Low-performing SNFs face more hurdles to resident-centered care, study finds

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Lower-performing nursing homes may have a more difficult time delivering resident-centered care due to turnover and lack of administrator guidance, a new study shows.

Researchers with the Veterans Health Administration set out to understand the barriers to implementing resident-centered care at their Community Living Centers, or nursing homes with a focus on homelike care.

The team conducted interviews with staff members at 10 CLCs on their person-centered care efforts, and found similar barriers to implementing the culture change for both high- and low-performing facilities. The study's results, published online this week in the August issue of Psychological Services, showed the five most cited barriers to resident-centered care were staffing, resources, resident acuity, regulations, and conflicts between resident-centered care and care quality.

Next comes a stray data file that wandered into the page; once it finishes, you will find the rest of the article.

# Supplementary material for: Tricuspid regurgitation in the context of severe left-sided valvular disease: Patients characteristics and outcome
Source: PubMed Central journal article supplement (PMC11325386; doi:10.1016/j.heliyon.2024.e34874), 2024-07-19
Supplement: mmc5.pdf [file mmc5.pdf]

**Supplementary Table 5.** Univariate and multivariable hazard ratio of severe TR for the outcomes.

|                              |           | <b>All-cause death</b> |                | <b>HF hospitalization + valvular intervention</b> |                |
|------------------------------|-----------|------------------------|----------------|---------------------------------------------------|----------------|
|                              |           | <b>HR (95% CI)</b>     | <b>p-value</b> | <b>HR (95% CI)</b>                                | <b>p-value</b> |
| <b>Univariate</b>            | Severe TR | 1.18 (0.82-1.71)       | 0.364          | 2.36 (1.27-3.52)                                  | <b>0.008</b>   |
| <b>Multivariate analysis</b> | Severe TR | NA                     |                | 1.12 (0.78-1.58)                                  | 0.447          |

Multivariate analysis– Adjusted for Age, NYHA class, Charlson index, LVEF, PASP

For categories outside the top five, the facilities interviewed for the study began to diverge. Top-performing facilities reported fewer barriers to implementation, although coordination between departments was cited.

Low-performing facilities were found to have a more difficult time implementing person-centered care, with workers reporting additional issues including administrator turnover, lack of administrator guidance, staff morale and difficulty working with residents or families.

“As [resident-centered care] continues to spread, it is important to anticipate the barriers to implementing these practices,” the researchers wrote.

The researchers suggested that focusing on regulatory, leadership, organizational and workforce issues may help providers reduce person-centered care barriers, or avoid them altogether. Mental health providers may also be “uniquely situated” to assist providers in conquering those barriers, the study's authors noted.